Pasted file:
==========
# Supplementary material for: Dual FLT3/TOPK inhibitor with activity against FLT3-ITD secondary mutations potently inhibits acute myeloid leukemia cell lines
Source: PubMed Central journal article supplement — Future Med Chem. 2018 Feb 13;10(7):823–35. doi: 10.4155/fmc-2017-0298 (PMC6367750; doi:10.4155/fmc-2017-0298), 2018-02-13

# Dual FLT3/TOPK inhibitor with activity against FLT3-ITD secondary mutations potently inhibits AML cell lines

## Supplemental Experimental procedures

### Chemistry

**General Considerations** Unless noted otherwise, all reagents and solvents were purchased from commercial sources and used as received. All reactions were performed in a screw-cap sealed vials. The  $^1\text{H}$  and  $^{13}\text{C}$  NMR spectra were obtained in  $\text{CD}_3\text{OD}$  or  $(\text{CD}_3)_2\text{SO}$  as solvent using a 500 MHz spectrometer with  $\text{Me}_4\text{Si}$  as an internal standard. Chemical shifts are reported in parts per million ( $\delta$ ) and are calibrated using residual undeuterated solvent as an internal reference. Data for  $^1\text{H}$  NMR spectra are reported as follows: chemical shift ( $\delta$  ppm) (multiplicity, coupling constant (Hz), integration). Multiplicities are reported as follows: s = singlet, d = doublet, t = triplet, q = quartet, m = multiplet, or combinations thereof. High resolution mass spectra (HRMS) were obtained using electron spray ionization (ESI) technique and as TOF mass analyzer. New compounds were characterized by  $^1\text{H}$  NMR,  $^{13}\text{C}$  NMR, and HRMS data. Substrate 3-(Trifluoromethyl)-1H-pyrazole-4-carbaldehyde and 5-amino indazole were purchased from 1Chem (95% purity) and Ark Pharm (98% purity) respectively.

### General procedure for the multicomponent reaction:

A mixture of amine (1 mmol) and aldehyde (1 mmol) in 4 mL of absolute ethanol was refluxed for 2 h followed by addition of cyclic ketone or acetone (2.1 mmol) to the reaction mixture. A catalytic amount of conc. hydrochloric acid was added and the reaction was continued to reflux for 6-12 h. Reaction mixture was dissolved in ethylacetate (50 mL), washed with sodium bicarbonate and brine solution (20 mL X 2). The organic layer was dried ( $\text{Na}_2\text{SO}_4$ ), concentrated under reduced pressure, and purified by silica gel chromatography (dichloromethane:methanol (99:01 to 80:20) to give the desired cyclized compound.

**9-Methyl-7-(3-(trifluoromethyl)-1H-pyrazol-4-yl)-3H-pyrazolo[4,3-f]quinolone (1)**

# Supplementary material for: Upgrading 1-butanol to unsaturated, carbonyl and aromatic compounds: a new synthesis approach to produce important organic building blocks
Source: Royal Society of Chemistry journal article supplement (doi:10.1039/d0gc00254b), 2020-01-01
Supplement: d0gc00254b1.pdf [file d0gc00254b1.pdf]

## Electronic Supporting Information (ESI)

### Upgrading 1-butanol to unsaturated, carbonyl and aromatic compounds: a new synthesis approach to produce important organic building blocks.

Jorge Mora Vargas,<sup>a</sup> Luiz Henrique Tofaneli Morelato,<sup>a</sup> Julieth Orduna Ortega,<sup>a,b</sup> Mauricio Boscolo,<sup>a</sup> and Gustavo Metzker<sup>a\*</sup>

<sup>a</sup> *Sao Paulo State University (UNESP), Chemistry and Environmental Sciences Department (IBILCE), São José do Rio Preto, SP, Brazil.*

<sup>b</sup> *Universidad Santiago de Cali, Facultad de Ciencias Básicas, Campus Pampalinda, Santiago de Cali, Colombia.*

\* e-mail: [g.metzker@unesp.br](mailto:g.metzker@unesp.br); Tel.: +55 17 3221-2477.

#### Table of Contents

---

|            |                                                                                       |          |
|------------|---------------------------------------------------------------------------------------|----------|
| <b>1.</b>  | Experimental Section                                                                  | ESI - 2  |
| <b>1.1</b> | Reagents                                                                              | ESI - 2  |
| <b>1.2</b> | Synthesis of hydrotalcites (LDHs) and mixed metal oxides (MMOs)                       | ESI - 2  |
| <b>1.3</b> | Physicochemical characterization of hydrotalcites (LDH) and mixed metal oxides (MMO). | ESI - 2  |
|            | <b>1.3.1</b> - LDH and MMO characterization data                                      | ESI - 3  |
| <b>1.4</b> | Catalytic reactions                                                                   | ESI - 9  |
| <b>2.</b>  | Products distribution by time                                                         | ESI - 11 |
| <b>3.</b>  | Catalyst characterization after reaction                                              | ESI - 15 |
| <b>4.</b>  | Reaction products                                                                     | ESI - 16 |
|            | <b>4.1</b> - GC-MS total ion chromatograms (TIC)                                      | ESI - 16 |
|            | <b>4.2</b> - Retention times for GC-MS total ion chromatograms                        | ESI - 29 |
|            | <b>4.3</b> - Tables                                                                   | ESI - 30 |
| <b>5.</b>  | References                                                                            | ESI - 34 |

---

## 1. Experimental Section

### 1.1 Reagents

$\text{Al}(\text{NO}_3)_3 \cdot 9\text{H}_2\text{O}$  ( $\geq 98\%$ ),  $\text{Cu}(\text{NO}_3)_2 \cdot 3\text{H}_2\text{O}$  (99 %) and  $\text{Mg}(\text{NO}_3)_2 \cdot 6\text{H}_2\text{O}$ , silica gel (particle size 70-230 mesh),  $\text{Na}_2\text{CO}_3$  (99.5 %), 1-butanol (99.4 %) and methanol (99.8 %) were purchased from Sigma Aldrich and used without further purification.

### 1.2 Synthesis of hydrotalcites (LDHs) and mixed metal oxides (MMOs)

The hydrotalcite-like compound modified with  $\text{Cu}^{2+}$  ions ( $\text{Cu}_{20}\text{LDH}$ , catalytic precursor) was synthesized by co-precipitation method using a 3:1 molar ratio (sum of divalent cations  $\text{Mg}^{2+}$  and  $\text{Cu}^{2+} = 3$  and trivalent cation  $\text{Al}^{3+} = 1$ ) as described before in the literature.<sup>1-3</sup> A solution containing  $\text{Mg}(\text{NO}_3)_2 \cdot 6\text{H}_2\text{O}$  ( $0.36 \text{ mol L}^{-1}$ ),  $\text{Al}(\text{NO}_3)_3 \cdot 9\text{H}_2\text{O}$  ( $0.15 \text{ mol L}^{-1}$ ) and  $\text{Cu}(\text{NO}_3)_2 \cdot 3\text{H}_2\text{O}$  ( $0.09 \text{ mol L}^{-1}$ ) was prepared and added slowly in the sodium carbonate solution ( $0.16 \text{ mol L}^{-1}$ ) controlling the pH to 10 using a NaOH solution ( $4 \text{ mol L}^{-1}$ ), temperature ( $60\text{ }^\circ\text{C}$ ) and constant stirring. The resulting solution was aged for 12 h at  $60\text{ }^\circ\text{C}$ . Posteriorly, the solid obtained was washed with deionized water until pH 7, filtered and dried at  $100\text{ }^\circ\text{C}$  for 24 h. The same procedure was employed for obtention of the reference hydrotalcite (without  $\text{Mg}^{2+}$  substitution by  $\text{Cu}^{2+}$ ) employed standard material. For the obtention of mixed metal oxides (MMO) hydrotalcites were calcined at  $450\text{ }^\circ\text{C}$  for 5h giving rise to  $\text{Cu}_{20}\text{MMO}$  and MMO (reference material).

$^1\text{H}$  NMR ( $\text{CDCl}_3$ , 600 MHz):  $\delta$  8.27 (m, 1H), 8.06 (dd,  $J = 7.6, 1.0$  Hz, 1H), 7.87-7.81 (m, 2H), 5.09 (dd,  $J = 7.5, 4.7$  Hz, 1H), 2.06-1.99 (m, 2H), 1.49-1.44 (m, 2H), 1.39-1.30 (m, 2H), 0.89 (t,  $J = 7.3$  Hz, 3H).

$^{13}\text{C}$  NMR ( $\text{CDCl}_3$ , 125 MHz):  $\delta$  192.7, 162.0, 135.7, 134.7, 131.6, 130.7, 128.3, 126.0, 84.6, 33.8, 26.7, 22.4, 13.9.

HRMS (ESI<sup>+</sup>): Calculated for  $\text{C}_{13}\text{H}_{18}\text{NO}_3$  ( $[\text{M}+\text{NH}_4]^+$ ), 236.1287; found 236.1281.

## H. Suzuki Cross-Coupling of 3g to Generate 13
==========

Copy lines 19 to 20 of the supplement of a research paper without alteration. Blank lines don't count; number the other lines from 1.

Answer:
#### Table of Contents

---